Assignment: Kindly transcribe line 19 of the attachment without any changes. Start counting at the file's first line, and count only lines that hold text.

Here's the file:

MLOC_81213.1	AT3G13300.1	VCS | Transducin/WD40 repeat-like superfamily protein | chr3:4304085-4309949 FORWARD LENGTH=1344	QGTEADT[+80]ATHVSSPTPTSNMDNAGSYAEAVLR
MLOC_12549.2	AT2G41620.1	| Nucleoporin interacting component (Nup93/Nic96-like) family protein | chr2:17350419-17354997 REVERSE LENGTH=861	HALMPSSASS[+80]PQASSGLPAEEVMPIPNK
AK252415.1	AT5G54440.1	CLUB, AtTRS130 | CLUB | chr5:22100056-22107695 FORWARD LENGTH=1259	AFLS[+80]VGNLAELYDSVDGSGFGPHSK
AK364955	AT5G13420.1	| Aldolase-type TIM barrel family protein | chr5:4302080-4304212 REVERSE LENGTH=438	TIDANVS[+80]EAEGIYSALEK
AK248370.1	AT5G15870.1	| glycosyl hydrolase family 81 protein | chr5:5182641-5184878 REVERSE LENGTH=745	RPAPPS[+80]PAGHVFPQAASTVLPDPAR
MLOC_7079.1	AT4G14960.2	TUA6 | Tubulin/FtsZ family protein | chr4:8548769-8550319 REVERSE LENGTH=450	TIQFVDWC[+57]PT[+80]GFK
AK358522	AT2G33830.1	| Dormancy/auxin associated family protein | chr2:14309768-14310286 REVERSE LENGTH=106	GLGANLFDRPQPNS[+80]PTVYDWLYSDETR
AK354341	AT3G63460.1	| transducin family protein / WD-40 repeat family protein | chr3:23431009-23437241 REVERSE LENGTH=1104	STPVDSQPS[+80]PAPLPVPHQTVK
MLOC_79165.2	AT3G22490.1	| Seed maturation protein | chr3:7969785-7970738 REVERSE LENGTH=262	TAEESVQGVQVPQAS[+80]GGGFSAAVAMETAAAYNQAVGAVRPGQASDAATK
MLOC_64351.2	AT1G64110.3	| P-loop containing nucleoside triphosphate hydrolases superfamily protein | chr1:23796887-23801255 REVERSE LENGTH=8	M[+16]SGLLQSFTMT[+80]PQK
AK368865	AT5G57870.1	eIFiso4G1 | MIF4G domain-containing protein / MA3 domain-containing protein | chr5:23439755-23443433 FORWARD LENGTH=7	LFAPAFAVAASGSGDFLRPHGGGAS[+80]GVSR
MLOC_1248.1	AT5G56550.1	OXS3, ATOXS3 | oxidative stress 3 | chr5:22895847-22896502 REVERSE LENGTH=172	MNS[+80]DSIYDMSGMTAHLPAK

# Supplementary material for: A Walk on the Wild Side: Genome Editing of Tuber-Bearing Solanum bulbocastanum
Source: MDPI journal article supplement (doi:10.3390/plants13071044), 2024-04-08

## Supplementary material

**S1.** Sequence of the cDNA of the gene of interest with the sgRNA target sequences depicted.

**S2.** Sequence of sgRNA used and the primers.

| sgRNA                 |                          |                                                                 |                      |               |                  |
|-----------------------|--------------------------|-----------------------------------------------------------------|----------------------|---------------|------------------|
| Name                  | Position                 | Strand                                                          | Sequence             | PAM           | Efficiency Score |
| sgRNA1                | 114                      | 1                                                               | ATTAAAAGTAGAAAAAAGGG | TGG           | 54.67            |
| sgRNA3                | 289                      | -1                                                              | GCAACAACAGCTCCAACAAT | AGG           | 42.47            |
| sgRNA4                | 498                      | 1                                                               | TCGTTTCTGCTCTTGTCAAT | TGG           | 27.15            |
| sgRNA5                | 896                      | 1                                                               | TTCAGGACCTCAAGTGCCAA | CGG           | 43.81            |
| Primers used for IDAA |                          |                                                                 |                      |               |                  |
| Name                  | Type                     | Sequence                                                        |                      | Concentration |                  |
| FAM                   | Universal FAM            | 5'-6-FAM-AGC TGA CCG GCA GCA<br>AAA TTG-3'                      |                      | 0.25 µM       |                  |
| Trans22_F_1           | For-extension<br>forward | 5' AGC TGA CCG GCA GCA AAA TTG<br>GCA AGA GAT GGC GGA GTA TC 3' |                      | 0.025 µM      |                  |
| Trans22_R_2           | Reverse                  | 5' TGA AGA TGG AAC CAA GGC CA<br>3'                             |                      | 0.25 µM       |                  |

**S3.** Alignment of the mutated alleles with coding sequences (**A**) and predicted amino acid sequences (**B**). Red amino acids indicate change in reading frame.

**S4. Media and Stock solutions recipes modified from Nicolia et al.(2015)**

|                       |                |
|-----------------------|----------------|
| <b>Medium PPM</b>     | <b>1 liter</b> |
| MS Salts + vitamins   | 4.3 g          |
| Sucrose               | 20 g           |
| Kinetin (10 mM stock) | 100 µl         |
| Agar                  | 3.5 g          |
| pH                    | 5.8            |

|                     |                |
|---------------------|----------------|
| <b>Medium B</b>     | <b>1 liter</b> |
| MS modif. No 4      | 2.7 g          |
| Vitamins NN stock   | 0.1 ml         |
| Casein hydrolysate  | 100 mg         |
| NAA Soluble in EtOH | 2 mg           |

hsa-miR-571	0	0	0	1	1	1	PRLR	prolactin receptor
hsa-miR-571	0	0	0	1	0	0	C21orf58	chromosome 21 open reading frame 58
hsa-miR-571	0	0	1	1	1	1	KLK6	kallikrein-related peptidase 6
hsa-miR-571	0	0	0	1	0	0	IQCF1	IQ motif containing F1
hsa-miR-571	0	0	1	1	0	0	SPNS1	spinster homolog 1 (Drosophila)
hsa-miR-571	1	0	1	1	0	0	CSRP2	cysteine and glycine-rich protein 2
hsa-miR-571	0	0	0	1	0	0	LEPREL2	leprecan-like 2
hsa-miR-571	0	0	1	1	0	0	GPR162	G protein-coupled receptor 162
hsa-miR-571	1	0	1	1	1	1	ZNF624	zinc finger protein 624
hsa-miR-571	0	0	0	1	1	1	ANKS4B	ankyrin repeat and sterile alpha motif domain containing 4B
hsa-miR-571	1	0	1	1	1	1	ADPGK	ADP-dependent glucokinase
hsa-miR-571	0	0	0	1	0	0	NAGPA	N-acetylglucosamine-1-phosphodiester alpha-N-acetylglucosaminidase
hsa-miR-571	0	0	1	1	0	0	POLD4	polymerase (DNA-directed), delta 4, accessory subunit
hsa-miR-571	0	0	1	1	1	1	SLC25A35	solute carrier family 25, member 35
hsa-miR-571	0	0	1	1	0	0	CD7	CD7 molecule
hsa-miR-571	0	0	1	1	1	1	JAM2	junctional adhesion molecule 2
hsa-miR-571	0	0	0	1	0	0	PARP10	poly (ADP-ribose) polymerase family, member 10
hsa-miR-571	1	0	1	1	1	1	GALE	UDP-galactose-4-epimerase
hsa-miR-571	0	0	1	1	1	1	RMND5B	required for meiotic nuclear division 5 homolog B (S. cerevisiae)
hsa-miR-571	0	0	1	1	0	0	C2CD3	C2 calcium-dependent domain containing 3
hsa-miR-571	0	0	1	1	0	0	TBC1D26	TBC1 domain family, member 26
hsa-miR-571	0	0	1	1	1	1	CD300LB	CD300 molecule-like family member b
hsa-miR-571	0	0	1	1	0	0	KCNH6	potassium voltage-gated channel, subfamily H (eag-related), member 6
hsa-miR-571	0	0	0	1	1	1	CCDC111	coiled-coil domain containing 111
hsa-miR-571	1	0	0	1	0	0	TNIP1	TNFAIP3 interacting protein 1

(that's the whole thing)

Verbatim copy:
|-----------------------|--------------------------|-----------------------------------------------------------------|----------------------|---------------|------------------|